Your Grandmother's Cherokee

Preserving the Cherokee language, one word at a time.

John "Bullet" Standingdeer, Eastern Band of Cherokee Indians

Message from John Standingdeer

My dad used to say, water seeks its own level. If you’re lost in the mountains, follow a stream downhill, and it will come to a bigger stream, and will lead you out, because the water finds the best way down the hill. Trails are the same way. When I was a kid, I used to watch how the cows would make trails around the side of the hill. And they say the interstate highways follow the old buffalo trails. And I’ve made trails—I’d walk through the woods and walk back the same way.

Or when we were kids—the boys were supposed to play outside. We’d stand at the top of the bank and roll rocks, just to watch them roll down the bank. Or work a clod loose with my foot and watch it roll. And I realized the dirt does the same thing as the water. It seeks its own level.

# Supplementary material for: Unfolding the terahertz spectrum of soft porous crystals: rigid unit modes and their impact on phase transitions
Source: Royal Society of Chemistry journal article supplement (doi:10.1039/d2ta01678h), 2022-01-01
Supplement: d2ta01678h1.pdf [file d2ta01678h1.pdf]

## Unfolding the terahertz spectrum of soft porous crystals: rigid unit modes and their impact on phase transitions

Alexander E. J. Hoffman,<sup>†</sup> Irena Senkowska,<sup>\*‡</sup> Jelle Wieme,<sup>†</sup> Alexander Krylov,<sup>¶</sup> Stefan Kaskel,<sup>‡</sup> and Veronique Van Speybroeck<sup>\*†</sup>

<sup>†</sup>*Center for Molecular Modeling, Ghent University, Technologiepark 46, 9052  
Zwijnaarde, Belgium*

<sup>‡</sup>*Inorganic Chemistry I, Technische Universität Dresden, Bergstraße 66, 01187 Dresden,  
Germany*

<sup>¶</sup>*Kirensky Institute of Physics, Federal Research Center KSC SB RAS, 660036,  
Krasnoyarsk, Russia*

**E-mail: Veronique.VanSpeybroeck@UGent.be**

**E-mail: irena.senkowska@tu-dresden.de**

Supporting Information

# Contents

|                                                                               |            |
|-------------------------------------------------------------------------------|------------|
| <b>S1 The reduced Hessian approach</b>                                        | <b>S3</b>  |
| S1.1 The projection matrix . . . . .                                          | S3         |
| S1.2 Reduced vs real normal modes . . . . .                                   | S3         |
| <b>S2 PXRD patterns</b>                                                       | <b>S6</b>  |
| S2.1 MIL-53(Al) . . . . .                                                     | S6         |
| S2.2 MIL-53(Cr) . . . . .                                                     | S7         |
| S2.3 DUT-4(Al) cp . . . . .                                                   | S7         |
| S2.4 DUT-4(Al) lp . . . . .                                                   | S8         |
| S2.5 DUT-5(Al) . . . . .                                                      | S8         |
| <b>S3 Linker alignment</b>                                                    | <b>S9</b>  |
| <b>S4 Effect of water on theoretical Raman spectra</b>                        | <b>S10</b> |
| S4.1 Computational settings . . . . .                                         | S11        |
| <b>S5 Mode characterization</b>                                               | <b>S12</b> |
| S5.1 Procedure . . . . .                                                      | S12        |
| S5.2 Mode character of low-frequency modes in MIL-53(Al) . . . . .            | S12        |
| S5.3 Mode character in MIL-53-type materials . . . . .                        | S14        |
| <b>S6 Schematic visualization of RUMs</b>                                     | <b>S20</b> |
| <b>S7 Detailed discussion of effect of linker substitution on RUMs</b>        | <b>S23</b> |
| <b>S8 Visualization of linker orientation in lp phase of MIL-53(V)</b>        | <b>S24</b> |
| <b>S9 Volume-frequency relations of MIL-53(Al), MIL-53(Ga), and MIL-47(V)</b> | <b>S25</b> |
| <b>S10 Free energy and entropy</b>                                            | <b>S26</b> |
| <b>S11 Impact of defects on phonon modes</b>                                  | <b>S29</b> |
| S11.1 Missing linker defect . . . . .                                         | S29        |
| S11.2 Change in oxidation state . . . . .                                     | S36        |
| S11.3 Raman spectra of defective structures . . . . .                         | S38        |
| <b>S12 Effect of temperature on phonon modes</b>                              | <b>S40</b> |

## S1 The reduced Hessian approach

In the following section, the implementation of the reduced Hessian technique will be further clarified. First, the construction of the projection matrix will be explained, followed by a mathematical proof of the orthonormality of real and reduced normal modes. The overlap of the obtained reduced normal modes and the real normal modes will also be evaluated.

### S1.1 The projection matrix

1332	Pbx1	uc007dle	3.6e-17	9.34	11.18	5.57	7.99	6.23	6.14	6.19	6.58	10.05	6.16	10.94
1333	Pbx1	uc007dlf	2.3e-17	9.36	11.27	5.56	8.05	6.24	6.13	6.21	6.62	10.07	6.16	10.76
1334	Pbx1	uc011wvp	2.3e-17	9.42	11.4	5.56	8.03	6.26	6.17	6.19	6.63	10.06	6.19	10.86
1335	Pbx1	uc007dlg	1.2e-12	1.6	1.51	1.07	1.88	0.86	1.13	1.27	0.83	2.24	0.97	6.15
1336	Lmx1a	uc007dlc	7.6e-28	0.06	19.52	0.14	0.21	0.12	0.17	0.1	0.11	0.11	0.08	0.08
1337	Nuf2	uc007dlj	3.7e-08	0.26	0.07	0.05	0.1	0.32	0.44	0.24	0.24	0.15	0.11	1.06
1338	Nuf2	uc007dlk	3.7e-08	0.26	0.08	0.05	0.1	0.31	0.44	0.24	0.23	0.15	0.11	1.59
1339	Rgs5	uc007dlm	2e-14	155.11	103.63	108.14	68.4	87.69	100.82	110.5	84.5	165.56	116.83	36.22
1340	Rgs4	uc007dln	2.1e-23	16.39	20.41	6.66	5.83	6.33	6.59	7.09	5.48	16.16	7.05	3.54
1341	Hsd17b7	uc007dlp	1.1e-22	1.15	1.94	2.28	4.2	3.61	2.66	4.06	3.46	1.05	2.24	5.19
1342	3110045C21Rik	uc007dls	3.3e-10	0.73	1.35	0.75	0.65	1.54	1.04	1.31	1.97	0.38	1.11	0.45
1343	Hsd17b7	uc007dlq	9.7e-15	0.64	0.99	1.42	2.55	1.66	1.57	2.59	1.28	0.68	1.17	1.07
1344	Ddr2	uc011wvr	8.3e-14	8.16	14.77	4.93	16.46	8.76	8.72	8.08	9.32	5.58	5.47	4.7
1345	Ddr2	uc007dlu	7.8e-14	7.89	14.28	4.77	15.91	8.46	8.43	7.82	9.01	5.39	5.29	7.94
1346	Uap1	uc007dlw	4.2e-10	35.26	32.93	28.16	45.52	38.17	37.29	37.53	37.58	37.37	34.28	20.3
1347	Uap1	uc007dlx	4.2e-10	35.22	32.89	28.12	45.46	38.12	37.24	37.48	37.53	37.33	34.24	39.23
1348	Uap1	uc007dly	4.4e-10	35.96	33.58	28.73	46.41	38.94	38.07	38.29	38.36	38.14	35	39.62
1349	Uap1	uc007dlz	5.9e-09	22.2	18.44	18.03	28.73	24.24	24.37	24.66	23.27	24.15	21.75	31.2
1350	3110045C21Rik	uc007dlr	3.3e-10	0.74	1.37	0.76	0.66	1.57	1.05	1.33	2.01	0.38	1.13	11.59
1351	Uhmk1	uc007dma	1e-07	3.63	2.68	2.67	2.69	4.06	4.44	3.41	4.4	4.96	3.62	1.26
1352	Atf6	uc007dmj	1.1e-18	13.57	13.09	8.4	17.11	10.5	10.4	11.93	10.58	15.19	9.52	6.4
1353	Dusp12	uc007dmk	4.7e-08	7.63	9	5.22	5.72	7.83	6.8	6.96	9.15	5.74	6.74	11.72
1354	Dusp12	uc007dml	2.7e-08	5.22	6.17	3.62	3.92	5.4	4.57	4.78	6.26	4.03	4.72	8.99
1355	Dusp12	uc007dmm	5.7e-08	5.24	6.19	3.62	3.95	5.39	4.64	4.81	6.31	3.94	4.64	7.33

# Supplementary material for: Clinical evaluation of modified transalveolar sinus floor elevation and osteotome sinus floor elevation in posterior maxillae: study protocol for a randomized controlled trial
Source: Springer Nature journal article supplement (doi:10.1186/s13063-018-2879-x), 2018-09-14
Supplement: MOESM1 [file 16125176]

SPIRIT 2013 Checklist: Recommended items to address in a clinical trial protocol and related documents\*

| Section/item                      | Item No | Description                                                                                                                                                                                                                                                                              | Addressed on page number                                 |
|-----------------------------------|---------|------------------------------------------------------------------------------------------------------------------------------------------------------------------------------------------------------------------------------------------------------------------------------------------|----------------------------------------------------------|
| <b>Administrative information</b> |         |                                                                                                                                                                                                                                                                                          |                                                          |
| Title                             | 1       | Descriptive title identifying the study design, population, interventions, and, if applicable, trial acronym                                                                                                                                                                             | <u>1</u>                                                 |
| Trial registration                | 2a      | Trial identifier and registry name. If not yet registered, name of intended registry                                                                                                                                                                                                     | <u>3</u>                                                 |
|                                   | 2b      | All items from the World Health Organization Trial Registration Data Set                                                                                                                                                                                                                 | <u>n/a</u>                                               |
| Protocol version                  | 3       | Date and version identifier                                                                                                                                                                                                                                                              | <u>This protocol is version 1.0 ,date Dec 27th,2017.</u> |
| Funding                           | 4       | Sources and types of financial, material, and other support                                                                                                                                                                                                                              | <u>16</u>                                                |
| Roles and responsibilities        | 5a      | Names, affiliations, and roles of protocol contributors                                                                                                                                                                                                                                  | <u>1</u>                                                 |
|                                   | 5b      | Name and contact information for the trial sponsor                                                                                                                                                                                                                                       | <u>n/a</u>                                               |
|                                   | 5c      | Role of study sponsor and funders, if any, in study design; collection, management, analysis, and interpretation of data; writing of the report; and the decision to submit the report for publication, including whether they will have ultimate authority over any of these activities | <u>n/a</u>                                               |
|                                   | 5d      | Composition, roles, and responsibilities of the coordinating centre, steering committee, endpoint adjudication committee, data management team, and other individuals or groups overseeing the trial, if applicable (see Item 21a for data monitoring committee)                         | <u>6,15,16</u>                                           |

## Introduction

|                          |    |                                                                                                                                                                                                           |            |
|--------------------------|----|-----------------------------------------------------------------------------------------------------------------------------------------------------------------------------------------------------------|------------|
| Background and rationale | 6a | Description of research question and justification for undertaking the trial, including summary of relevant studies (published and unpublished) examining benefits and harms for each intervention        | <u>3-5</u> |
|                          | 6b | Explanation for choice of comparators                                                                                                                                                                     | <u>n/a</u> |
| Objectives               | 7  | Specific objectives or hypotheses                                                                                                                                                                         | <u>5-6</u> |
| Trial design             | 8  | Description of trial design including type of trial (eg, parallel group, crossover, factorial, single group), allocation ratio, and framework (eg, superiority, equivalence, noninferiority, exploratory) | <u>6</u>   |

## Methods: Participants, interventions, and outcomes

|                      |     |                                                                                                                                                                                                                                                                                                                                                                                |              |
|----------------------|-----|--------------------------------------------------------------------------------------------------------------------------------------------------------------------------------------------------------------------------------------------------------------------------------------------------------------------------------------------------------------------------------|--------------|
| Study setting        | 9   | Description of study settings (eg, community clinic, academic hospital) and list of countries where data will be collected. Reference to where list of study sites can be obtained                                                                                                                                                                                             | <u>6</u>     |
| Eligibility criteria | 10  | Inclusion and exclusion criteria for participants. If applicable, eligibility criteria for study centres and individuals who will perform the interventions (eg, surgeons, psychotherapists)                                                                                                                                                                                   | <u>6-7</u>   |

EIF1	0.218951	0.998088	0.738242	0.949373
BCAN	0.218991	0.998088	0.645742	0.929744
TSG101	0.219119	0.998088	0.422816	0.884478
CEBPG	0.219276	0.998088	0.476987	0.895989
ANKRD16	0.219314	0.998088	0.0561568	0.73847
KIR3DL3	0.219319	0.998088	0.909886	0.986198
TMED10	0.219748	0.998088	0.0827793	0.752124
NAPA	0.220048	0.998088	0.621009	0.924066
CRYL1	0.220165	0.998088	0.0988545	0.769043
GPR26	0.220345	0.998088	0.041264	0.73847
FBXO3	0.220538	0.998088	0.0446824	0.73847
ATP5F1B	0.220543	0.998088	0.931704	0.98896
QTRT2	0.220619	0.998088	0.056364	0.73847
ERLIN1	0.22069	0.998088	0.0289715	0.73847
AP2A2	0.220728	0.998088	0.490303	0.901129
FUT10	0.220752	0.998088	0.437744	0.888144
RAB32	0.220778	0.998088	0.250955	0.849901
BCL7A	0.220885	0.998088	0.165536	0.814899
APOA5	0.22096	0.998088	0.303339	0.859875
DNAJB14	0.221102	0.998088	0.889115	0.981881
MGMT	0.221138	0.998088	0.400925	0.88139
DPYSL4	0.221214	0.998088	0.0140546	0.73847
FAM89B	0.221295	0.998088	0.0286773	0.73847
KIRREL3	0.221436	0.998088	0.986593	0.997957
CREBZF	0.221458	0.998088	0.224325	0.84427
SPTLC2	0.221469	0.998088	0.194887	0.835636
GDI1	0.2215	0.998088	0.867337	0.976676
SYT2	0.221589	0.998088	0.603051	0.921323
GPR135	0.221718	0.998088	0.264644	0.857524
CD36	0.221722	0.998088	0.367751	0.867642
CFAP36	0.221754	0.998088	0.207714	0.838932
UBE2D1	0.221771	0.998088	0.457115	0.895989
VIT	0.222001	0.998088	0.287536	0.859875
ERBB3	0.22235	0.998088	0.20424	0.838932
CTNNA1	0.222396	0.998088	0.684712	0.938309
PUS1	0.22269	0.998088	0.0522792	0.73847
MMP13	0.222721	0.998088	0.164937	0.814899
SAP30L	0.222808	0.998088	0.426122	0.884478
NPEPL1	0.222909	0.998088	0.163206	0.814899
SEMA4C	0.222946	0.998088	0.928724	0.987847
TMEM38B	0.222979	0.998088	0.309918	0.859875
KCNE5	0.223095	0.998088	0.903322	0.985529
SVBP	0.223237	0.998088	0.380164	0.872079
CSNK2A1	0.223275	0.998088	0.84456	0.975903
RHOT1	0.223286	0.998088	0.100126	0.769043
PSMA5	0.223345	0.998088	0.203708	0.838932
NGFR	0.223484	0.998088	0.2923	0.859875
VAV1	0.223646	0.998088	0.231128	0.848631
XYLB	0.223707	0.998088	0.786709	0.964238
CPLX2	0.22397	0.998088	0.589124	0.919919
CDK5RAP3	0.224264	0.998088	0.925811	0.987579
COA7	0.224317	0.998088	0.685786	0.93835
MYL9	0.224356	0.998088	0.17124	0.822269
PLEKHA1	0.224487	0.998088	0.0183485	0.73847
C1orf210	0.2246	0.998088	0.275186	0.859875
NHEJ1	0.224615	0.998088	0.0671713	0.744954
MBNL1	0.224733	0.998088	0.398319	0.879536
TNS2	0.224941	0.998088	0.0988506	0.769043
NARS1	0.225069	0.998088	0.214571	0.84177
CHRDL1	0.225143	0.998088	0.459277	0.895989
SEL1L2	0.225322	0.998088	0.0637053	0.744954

And that makes me think. If it’s true, this is how the language has been. When we talk about the parts, when you talk about the flow of the language, it has just found the best way.

The language and the water, and the earth, the animals, us—they find the best way with what’s there. They work with what’s there. They want the best way. It’s not just dirt, it’s language, it’s water. Everything has done that.

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